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Episode 159

Fork-marked lemur
Wed, 2017-Oct-11 00:04 UTC
Length - 3:29

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Welcome to featured Wiki of the Day where we read the summary of the featured Wikipedia article every day.

The featured article for Wednesday, 11 October 2017 is Fork-marked lemur.

Fork-marked lemurs or fork-crowned lemurs are strepsirrhine primates; the four species comprise the genus Phaner. Like all lemurs, they are native to Madagascar, where they are found only in the west, north, and east sides of the island. They are named for the two black stripes which run up from the eyes, converge on the top of the head, and run down the back as a single black stripe. They were originally placed in the genus Lemur in 1839, later moved between the genera Cheirogaleus and Microcebus, and finally given their own genus in 1870 by British zoologist John Edward Gray. Only one species (Phaner furcifer) was recognized, until three subspecies described in 1991 were promoted to species status in 2001. New species may yet be identified, particularly in northeast Madagascar.

Fork-marked lemurs are among the least studied of all lemurs and are some of the largest members of the family Cheirogaleidae, weighing around 350 grams (0.77 lb) or more. They are the most phylogenetically distinct of the cheirogaleids, and considered a sister group to the rest of the family. Aside from their dorsal forked stripe, they have dark rings around their eyes, and large membranous ears. Males have a scent gland on their throat, but only use it during social grooming, not for marking territory. Instead, they are very vocal, making repeated calls at the beginning and end of the night. Like the other members of their family, they are nocturnal, and sleep in tree holes and nests during the day. Monogamous pairing is typical for fork-marked lemurs, and females are dominant. Females are thought to have only one offspring every two years or more.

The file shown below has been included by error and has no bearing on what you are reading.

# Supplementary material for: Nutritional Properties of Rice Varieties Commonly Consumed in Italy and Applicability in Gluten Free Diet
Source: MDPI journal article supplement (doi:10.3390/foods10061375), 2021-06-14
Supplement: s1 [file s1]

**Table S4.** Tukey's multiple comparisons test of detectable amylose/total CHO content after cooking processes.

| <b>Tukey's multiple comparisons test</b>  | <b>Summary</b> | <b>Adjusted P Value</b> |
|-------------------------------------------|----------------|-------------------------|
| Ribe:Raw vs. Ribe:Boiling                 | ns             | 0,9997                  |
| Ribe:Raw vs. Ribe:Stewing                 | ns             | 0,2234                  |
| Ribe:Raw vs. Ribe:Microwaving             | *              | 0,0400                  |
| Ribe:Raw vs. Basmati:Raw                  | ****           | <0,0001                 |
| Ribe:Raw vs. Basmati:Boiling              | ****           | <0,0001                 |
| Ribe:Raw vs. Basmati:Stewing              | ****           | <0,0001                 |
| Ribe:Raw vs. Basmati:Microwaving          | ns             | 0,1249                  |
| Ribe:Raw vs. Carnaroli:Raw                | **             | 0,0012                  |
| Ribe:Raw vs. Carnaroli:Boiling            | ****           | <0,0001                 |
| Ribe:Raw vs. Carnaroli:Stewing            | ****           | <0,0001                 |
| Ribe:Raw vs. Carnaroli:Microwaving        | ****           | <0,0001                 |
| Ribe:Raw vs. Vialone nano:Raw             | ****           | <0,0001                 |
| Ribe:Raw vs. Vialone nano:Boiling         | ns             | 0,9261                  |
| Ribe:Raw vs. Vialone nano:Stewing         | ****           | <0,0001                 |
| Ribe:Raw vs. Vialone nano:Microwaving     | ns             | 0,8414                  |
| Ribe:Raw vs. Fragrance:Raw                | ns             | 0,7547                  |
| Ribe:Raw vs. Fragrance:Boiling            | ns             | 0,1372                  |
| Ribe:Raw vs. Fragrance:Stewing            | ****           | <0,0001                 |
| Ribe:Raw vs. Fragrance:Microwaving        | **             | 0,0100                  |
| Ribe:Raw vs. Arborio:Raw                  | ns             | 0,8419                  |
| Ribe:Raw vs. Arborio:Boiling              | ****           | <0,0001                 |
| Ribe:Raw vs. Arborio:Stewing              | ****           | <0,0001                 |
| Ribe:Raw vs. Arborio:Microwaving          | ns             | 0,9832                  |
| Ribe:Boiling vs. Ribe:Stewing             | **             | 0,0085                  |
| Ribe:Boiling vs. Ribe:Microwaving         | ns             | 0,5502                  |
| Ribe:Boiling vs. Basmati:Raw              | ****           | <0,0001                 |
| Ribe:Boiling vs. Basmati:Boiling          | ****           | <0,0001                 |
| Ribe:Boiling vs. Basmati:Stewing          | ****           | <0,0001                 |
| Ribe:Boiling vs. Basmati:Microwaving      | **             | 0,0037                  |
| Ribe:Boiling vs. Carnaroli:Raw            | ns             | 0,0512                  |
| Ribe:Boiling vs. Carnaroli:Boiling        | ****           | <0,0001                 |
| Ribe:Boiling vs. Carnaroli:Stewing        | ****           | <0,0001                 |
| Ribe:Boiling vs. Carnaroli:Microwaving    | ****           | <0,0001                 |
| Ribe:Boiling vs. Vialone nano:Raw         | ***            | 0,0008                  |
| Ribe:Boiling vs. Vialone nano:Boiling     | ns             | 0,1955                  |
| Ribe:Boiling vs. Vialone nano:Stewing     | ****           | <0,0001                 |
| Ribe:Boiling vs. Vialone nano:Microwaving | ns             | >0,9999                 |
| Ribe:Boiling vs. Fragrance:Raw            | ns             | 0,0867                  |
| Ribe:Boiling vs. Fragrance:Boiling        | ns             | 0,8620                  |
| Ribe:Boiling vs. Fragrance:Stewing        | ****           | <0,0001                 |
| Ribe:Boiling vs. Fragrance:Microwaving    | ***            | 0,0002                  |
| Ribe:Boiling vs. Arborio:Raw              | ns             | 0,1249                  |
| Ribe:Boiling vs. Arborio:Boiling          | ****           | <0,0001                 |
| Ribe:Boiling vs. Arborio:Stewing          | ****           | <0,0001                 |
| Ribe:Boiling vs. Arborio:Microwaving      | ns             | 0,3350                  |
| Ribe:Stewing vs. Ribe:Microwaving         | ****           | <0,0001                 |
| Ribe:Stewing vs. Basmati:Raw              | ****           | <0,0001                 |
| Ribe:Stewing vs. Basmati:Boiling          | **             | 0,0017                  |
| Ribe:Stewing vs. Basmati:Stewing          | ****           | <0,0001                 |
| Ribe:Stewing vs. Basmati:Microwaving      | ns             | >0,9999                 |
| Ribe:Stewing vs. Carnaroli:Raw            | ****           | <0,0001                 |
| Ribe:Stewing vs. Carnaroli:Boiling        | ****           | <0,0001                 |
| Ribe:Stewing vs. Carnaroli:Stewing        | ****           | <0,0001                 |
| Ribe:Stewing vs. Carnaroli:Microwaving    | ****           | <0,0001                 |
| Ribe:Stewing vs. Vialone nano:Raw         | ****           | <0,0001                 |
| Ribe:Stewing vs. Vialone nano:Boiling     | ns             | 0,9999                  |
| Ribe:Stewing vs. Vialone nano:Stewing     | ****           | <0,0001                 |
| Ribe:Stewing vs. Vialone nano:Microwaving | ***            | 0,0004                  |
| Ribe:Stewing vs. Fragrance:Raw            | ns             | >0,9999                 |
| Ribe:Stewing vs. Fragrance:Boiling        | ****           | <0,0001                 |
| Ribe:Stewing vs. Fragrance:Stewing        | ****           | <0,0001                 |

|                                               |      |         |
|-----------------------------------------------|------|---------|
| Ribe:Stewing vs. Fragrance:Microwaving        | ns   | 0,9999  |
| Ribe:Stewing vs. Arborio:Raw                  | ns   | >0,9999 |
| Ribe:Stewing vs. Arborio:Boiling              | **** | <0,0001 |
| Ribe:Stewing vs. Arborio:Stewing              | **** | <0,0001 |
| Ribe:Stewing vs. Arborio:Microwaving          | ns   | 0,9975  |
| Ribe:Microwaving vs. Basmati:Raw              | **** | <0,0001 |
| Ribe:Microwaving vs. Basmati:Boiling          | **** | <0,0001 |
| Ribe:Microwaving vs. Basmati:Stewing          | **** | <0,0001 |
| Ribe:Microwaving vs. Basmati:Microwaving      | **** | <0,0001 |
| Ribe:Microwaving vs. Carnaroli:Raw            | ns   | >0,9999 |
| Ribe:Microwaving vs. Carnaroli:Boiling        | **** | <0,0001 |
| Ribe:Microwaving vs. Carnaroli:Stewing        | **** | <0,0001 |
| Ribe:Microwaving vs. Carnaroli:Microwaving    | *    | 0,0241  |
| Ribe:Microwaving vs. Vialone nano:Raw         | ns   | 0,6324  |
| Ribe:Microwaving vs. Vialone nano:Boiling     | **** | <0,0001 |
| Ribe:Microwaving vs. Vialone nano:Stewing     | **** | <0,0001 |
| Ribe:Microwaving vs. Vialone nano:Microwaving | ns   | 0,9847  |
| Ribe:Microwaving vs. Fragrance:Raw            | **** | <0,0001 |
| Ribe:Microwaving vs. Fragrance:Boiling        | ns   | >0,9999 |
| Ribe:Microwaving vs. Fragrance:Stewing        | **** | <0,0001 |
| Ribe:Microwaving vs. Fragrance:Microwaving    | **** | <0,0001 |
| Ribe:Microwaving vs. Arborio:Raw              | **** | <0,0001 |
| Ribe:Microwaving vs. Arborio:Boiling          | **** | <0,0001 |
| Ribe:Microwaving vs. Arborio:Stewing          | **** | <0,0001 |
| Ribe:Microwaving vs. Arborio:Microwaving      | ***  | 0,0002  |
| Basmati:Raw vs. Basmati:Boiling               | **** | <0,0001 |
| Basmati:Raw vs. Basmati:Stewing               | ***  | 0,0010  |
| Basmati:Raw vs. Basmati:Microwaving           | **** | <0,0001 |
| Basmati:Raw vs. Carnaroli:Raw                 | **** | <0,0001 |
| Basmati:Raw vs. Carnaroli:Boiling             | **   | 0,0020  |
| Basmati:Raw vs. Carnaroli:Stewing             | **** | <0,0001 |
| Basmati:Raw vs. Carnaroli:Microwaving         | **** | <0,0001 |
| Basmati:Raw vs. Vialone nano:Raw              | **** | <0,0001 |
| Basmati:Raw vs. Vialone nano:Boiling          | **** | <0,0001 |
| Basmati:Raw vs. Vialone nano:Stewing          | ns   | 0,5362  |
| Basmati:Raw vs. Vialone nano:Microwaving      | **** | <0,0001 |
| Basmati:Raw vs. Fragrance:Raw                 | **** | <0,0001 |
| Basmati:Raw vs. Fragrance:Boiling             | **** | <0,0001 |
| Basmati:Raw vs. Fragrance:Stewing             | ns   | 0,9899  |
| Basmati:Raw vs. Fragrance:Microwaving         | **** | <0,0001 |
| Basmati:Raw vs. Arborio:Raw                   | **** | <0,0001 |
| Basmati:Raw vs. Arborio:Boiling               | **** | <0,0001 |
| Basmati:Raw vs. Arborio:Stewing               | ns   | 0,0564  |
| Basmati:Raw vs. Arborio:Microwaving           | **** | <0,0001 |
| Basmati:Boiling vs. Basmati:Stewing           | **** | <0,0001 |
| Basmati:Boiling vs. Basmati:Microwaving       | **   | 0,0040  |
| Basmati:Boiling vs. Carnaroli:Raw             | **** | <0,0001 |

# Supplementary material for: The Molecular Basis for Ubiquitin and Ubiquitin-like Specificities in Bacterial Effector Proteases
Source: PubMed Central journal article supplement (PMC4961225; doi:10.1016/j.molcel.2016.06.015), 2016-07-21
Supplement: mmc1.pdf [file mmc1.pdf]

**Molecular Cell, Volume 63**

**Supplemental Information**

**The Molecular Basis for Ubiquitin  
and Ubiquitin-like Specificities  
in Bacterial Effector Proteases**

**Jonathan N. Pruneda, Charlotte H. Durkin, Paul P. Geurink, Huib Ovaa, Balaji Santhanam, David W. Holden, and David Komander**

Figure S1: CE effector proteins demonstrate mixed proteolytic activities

These lemurs live in a wide variety of habitats, ranging from dry deciduous forests to rainforests, and run quadrupedally across branches. Their diet consists primarily of tree gum and other exudates, though they may obtain some of their protein and nitrogen by hunting small arthropods later at night. Three of the four species are endangered and the other is listed as vulnerable. Their populations are in decline due to habitat destruction. Like all lemurs, they are protected against commercial trade under CITES Appendix I.

This recording reflects the Wikipedia text as of 00:04 UTC on Wednesday, 11 October 2017.

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These podcasts are produced by Abulsme Productions based on Wikipedia content.

They are released under a Creative Commons Attribution-ShareAlike 3.0 Unported License.

Creative Commons License

Abulsme Productions also produces Curmudgeon's Corner, a current events podcast.

If you like that sort of thing, check it out too!

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